Seizures in deep cortical regions have been detected with noninvasive recordings for the first time in a recently published study. A computational approach enabled detection of mesial temporal lobe seizures that conventional EEG did not pick up, opening the door to further understanding the role of these seizures in epilepsy and other neurological disorders.
Nonconvulsive seizures in deep brain regions such as the mesial temporal lobes are known to occur in patients with epilepsy, and some evidence suggests that they also occur in Alzheimer disease (AD). Many of these seizures are undetectable because they produce no conventional EEG signal; consequently, they are known as 'scalp-negative seizures'.
“To detect scalp-negative seizures, we typically use invasive intracranial electrodes to measure activity directly from these deep brain regions,” explains lead author of the new paper, Alice Lam. “To avoid the risk and expense of such a procedure, we decided to develop a noninvasive method to detect this deep seizure activity.”
To develop their detection system, Lam and colleagues used existing data from 23 patients with epilepsy who had undergone presurgery evaluation with simultaneous EEG and invasive foramen ovale electrode recordings. EEG recordings from 10 patients with and 13 patients without scalp-negative seizures were compared, allowing identification of seizure-specific patterns that formed the basis of an algorithm to identify scalp-negative seizures according to EEG coherence features.
The algorithm was validated by estimating its performance with new patients. Using only EEG data, the algorithm correctly detected scalp-negative seizures in 40% of patients who experienced them, with a positive predictive value of 75%. False alarms occurred in just 8% of controls without scalp-negative seizures. “This is a notable improvement from the status quo, where we are unable to identify any of these seizures using routine clinical EEG interpretation,” says Lam.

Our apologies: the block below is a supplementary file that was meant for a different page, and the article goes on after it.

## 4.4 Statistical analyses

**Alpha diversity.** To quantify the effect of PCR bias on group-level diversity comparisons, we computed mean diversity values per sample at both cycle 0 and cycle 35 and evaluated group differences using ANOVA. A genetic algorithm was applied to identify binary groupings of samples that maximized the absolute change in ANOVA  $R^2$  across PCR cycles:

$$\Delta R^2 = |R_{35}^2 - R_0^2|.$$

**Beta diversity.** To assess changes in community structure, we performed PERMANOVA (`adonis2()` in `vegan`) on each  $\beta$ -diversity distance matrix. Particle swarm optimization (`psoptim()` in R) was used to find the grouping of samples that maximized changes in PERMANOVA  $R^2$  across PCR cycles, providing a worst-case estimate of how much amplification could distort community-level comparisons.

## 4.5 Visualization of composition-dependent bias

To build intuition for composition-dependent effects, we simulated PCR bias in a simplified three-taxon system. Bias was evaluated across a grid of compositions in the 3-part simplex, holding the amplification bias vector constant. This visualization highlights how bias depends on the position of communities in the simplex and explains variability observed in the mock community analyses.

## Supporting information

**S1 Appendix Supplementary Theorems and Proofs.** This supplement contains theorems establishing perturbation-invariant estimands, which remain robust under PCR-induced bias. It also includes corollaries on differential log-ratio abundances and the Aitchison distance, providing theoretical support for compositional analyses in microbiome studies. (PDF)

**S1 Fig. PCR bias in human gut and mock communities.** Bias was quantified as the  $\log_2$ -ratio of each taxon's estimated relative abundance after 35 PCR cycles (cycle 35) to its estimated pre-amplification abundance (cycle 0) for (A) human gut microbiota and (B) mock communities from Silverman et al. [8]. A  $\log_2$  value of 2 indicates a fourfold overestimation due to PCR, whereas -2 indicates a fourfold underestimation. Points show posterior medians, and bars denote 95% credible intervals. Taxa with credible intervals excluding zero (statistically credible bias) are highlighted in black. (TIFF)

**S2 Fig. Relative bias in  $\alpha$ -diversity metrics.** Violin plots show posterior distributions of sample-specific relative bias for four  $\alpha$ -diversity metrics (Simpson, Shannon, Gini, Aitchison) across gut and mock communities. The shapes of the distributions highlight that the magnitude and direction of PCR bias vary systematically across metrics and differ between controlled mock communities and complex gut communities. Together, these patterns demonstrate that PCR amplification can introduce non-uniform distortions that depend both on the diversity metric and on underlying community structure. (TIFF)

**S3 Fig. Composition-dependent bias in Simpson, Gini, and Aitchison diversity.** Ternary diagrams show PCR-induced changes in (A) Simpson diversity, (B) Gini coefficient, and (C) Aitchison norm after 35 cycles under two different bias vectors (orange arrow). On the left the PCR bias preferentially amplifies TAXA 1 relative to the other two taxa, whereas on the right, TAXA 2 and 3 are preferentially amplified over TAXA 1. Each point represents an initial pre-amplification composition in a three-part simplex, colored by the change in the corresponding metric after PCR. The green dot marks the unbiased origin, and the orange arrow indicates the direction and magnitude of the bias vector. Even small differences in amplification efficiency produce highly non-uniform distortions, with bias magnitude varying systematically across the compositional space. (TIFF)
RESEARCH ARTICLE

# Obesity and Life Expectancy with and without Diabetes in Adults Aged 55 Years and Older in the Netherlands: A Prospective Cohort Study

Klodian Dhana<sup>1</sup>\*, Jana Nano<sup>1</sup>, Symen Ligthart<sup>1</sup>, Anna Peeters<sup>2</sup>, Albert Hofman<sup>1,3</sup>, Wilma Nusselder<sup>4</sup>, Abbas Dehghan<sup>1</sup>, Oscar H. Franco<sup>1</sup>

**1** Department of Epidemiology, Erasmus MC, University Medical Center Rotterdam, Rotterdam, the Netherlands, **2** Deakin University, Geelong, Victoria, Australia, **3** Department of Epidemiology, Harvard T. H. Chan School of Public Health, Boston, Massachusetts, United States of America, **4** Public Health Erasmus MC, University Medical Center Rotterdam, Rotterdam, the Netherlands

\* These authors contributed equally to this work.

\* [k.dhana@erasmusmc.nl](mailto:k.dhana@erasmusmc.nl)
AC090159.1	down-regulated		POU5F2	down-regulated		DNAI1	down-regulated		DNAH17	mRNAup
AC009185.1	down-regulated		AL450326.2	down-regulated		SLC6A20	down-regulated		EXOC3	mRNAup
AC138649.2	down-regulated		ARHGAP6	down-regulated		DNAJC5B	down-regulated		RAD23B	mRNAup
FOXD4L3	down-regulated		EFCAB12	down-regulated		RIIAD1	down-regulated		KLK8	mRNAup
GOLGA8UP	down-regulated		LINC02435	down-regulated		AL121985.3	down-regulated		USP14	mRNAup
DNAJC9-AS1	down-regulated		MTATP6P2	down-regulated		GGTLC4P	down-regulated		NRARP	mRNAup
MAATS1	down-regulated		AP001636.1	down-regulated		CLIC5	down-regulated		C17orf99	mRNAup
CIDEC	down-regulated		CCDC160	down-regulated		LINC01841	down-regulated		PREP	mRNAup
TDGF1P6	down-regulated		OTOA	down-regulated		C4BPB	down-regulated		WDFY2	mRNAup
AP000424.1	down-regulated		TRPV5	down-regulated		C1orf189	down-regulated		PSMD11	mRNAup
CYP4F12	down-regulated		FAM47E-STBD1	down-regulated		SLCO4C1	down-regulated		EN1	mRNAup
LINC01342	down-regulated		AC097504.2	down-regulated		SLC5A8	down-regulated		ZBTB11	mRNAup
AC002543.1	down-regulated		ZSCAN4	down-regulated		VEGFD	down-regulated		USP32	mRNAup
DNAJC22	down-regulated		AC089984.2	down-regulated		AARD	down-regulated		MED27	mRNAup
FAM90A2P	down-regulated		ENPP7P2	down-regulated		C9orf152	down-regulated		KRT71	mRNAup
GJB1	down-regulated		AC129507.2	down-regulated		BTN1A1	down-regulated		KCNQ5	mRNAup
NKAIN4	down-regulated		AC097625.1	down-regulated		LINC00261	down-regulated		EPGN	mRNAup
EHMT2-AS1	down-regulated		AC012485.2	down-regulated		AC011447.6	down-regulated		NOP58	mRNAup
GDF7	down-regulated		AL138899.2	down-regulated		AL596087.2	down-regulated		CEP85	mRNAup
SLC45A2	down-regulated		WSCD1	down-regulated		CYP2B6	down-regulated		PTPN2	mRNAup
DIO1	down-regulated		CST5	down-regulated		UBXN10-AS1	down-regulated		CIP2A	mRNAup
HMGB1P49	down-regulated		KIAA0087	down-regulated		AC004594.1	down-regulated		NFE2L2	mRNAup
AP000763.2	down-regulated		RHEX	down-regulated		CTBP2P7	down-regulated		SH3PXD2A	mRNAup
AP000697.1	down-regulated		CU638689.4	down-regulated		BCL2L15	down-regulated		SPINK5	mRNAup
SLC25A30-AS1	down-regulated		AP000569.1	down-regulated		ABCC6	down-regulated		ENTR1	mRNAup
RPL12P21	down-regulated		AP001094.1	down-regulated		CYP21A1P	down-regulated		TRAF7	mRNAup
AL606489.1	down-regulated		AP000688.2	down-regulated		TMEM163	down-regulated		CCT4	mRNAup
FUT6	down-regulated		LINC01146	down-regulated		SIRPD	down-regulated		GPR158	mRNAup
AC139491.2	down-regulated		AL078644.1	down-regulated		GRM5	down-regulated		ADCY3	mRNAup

“the algorithm correctly detected scalp-negative seizures in 40% of patients”
Principal investigator Sydney Cash points out that the technique not only has clinical implications for identifying patients with these seizures, but might also provide fundamental insight into the mechanisms of scalp-negative seizures. “The results suggest that the way we think about seizures as being very focal may not be entirely true, and perhaps more of the cortical network is involved,” he says. “The fact that we can use the scalp to find out what is happening deep inside hints that those deep events are still involving more-superficial regions of cortex.”
The work also paves the way for further development of computational methods to study deep brain seizures, and makes these seizures easier to study in conditions other than epilepsy. “We are interested in applying these methods to investigate whether subclinical mesial temporal seizures are common among people with AD and other neurodegenerative disease, and whether this has important implications for altering disease trajectory in these patients,” says Lam.
Lam, A. D. et al. Widespread changes in network activity allow non-invasive detection of mesial temporal lobe seizures. Brain http://dx.doi.org/10.1093/brain/aww198 (2016)
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Fyfe, I. Noninvasive detection of deep brain seizures. Nat Rev Neurol 12, 493 (2016). https://doi.org/10.1038/nrneurol.2016.121